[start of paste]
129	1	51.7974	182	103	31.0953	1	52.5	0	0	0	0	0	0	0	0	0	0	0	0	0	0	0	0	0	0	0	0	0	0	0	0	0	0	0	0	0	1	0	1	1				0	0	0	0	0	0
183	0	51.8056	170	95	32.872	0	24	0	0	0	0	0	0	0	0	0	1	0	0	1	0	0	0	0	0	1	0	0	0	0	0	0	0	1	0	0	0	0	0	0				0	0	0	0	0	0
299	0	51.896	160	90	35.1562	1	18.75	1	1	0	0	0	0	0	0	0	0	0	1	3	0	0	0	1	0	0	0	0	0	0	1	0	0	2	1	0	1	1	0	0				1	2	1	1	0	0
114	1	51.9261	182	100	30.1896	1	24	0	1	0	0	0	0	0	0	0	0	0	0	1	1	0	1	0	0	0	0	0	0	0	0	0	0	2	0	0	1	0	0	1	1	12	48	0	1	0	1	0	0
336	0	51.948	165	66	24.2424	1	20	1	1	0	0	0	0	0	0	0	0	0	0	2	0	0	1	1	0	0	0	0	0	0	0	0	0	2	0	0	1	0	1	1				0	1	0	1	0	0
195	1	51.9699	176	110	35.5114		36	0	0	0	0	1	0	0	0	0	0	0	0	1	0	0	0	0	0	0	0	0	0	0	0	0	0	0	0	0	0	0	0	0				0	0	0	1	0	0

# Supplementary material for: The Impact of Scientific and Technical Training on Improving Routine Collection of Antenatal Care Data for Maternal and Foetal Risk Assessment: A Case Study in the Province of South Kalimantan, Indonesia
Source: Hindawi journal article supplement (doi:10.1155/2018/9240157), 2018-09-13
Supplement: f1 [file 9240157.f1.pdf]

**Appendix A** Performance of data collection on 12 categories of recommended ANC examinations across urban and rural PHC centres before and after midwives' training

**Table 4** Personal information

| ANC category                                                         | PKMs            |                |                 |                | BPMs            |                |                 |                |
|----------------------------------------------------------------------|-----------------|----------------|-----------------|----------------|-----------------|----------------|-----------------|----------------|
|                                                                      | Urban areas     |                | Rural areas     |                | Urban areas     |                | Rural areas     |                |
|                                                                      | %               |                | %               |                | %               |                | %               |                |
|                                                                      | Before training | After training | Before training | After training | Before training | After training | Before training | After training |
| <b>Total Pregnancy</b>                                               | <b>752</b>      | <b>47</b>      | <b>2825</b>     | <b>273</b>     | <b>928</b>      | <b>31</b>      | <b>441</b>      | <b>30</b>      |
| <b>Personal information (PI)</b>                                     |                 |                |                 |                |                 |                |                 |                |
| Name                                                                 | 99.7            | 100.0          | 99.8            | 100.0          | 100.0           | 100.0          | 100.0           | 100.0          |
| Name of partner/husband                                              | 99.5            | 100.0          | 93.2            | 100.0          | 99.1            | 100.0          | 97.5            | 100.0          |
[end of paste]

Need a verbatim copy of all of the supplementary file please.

129	1	51.7974	182	103	31.0953	1	52.5	0	0	0	0	0	0	0	0	0	0	0	0	0	0	0	0	0	0	0	0	0	0	0	0	0	0	0	0	0	1	0	1	1				0	0	0	0	0	0
183	0	51.8056	170	95	32.872	0	24	0	0	0	0	0	0	0	0	0	1	0	0	1	0	0	0	0	0	1	0	0	0	0	0	0	0	1	0	0	0	0	0	0				0	0	0	0	0	0
299	0	51.896	160	90	35.1562	1	18.75	1	1	0	0	0	0	0	0	0	0	0	1	3	0	0	0	1	0	0	0	0	0	0	1	0	0	2	1	0	1	1	0	0				1	2	1	1	0	0
114	1	51.9261	182	100	30.1896	1	24	0	1	0	0	0	0	0	0	0	0	0	0	1	1	0	1	0	0	0	0	0	0	0	0	0	0	2	0	0	1	0	0	1	1	12	48	0	1	0	1	0	0
336	0	51.948	165	66	24.2424	1	20	1	1	0	0	0	0	0	0	0	0	0	0	2	0	0	1	1	0	0	0	0	0	0	0	0	0	2	0	0	1	0	1	1				0	1	0	1	0	0
195	1	51.9699	176	110	35.5114		36	0	0	0	0	1	0	0	0	0	0	0	0	1	0	0	0	0	0	0	0	0	0	0	0	0	0	0	0	0	0	0	0	0				0	0	0	1	0	0

# Supplementary material for: The Impact of Scientific and Technical Training on Improving Routine Collection of Antenatal Care Data for Maternal and Foetal Risk Assessment: A Case Study in the Province of South Kalimantan, Indonesia
Source: Hindawi journal article supplement (doi:10.1155/2018/9240157), 2018-09-13
Supplement: f1 [file 9240157.f1.pdf]

**Appendix A** Performance of data collection on 12 categories of recommended ANC examinations across urban and rural PHC centres before and after midwives' training

**Table 4** Personal information

| ANC category                                                         | PKMs            |                |                 |                | BPMs            |                |                 |                |
|----------------------------------------------------------------------|-----------------|----------------|-----------------|----------------|-----------------|----------------|-----------------|----------------|
|                                                                      | Urban areas     |                | Rural areas     |                | Urban areas     |                | Rural areas     |                |
|                                                                      | %               |                | %               |                | %               |                | %               |                |
|                                                                      | Before training | After training | Before training | After training | Before training | After training | Before training | After training |
| <b>Total Pregnancy</b>                                               | <b>752</b>      | <b>47</b>      | <b>2825</b>     | <b>273</b>     | <b>928</b>      | <b>31</b>      | <b>441</b>      | <b>30</b>      |
| <b>Personal information (PI)</b>                                     |                 |                |                 |                |                 |                |                 |                |
| Name                                                                 | 99.7            | 100.0          | 99.8            | 100.0          | 100.0           | 100.0          | 100.0           | 100.0          |
| Name of partner/husband                                              | 99.5            | 100.0          | 93.2            | 100.0          | 99.1            | 100.0          | 97.5            | 100.0          |